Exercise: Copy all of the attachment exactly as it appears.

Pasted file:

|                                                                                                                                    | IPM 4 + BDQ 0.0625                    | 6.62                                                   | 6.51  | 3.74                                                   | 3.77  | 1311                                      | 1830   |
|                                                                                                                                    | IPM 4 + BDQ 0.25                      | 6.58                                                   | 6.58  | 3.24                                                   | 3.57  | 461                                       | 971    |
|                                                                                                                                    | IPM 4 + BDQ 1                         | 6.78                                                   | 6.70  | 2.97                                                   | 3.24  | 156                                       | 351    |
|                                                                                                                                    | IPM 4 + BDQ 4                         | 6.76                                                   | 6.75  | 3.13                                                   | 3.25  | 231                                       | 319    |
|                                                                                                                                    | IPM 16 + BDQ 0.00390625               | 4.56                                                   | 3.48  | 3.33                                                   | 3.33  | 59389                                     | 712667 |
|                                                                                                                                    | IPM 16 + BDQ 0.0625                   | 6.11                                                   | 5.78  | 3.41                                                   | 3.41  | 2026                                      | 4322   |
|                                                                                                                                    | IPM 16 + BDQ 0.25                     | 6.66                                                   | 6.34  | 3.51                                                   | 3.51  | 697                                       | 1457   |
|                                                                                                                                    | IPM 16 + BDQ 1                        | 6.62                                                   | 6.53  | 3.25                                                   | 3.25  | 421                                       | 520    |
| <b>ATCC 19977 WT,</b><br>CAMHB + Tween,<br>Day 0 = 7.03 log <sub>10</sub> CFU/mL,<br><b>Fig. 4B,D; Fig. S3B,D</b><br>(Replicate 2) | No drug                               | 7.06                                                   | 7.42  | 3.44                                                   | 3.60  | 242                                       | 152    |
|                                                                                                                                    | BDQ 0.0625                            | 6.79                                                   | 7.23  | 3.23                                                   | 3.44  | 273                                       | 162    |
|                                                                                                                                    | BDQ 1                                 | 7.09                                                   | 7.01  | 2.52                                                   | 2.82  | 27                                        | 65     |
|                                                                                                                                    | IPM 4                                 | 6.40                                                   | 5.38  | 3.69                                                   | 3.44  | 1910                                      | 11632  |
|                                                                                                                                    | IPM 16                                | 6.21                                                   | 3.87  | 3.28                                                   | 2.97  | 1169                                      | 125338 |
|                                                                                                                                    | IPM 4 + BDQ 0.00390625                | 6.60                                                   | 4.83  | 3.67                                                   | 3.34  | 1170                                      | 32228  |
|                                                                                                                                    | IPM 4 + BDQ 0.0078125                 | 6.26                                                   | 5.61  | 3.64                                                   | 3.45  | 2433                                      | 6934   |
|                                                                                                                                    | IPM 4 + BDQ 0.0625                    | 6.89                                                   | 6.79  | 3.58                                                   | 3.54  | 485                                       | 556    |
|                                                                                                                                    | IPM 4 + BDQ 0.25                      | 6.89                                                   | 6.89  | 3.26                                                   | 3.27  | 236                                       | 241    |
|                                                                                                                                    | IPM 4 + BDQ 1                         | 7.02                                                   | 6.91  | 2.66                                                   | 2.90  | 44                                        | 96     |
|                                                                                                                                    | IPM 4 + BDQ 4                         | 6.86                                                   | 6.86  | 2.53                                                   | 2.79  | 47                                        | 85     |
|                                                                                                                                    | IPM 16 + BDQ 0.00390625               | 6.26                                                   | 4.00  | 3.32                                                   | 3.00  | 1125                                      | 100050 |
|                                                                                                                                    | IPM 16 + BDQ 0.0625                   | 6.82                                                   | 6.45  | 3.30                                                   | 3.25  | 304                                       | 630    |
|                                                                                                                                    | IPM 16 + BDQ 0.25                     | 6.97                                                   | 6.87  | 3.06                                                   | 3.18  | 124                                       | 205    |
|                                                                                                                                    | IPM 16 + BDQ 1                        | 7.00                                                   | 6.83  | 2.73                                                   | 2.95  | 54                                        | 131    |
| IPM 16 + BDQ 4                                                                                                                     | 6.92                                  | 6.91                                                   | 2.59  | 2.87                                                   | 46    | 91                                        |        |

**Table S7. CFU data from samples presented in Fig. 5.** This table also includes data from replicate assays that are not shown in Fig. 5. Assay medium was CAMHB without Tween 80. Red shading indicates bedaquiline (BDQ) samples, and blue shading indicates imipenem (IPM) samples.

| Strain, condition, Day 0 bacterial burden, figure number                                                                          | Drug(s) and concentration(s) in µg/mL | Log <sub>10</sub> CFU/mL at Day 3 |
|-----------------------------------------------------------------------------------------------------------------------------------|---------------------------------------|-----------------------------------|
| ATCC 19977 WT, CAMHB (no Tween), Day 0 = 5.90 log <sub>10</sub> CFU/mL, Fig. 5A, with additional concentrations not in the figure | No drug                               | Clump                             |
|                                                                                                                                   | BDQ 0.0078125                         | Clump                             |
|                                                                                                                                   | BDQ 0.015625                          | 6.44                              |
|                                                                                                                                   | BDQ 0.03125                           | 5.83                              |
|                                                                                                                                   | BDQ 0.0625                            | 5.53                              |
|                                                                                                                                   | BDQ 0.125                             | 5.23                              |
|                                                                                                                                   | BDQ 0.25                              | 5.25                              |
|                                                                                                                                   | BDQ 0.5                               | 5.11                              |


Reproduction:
|                                                                                                                                    | IPM 4 + BDQ 0.0625                    | 6.62                                                   | 6.51  | 3.74                                                   | 3.77  | 1311                                      | 1830   |
|                                                                                                                                    | IPM 4 + BDQ 0.25                      | 6.58                                                   | 6.58  | 3.24                                                   | 3.57  | 461                                       | 971    |
|                                                                                                                                    | IPM 4 + BDQ 1                         | 6.78                                                   | 6.70  | 2.97                                                   | 3.24  | 156                                       | 351    |
|                                                                                                                                    | IPM 4 + BDQ 4                         | 6.76                                                   | 6.75  | 3.13                                                   | 3.25  | 231                                       | 319    |
|                                                                                                                                    | IPM 16 + BDQ 0.00390625               | 4.56                                                   | 3.48  | 3.33                                                   | 3.33  | 59389                                     | 712667 |
|                                                                                                                                    | IPM 16 + BDQ 0.0625                   | 6.11                                                   | 5.78  | 3.41                                                   | 3.41  | 2026                                      | 4322   |
|                                                                                                                                    | IPM 16 + BDQ 0.25                     | 6.66                                                   | 6.34  | 3.51                                                   | 3.51  | 697                                       | 1457   |
|                                                                                                                                    | IPM 16 + BDQ 1                        | 6.62                                                   | 6.53  | 3.25                                                   | 3.25  | 421                                       | 520    |
| <b>ATCC 19977 WT,</b><br>CAMHB + Tween,<br>Day 0 = 7.03 log <sub>10</sub> CFU/mL,<br><b>Fig. 4B,D; Fig. S3B,D</b><br>(Replicate 2) | No drug                               | 7.06                                                   | 7.42  | 3.44                                                   | 3.60  | 242                                       | 152    |
|                                                                                                                                    | BDQ 0.0625                            | 6.79                                                   | 7.23  | 3.23                                                   | 3.44  | 273                                       | 162    |
|                                                                                                                                    | BDQ 1                                 | 7.09                                                   | 7.01  | 2.52                                                   | 2.82  | 27                                        | 65     |
|                                                                                                                                    | IPM 4                                 | 6.40                                                   | 5.38  | 3.69                                                   | 3.44  | 1910                                      | 11632  |
|                                                                                                                                    | IPM 16                                | 6.21                                                   | 3.87  | 3.28                                                   | 2.97  | 1169                                      | 125338 |
|                                                                                                                                    | IPM 4 + BDQ 0.00390625                | 6.60                                                   | 4.83  | 3.67                                                   | 3.34  | 1170                                      | 32228  |
|                                                                                                                                    | IPM 4 + BDQ 0.0078125                 | 6.26                                                   | 5.61  | 3.64                                                   | 3.45  | 2433                                      | 6934   |
|                                                                                                                                    | IPM 4 + BDQ 0.0625                    | 6.89                                                   | 6.79  | 3.58                                                   | 3.54  | 485                                       | 556    |
|                                                                                                                                    | IPM 4 + BDQ 0.25                      | 6.89                                                   | 6.89  | 3.26                                                   | 3.27  | 236                                       | 241    |
|                                                                                                                                    | IPM 4 + BDQ 1                         | 7.02                                                   | 6.91  | 2.66                                                   | 2.90  | 44                                        | 96     |
|                                                                                                                                    | IPM 4 + BDQ 4                         | 6.86                                                   | 6.86  | 2.53                                                   | 2.79  | 47                                        | 85     |
|                                                                                                                                    | IPM 16 + BDQ 0.00390625               | 6.26                                                   | 4.00  | 3.32                                                   | 3.00  | 1125                                      | 100050 |
|                                                                                                                                    | IPM 16 + BDQ 0.0625                   | 6.82                                                   | 6.45  | 3.30                                                   | 3.25  | 304                                       | 630    |
|                                                                                                                                    | IPM 16 + BDQ 0.25                     | 6.97                                                   | 6.87  | 3.06                                                   | 3.18  | 124                                       | 205    |
|                                                                                                                                    | IPM 16 + BDQ 1                        | 7.00                                                   | 6.83  | 2.73                                                   | 2.95  | 54                                        | 131    |
| IPM 16 + BDQ 4                                                                                                                     | 6.92                                  | 6.91                                                   | 2.59  | 2.87                                                   | 46    | 91                                        |        |

**Table S7. CFU data from samples presented in Fig. 5.** This table also includes data from replicate assays that are not shown in Fig. 5. Assay medium was CAMHB without Tween 80. Red shading indicates bedaquiline (BDQ) samples, and blue shading indicates imipenem (IPM) samples.

| Strain, condition, Day 0 bacterial burden, figure number                                                                          | Drug(s) and concentration(s) in µg/mL | Log <sub>10</sub> CFU/mL at Day 3 |
|-----------------------------------------------------------------------------------------------------------------------------------|---------------------------------------|-----------------------------------|
| ATCC 19977 WT, CAMHB (no Tween), Day 0 = 5.90 log <sub>10</sub> CFU/mL, Fig. 5A, with additional concentrations not in the figure | No drug                               | Clump                             |
|                                                                                                                                   | BDQ 0.0078125                         | Clump                             |
|                                                                                                                                   | BDQ 0.015625                          | 6.44                              |
|                                                                                                                                   | BDQ 0.03125                           | 5.83                              |
|                                                                                                                                   | BDQ 0.0625                            | 5.53                              |
|                                                                                                                                   | BDQ 0.125                             | 5.23                              |
|                                                                                                                                   | BDQ 0.25                              | 5.25                              |
|                                                                                                                                   | BDQ 0.5                               | 5.11                              |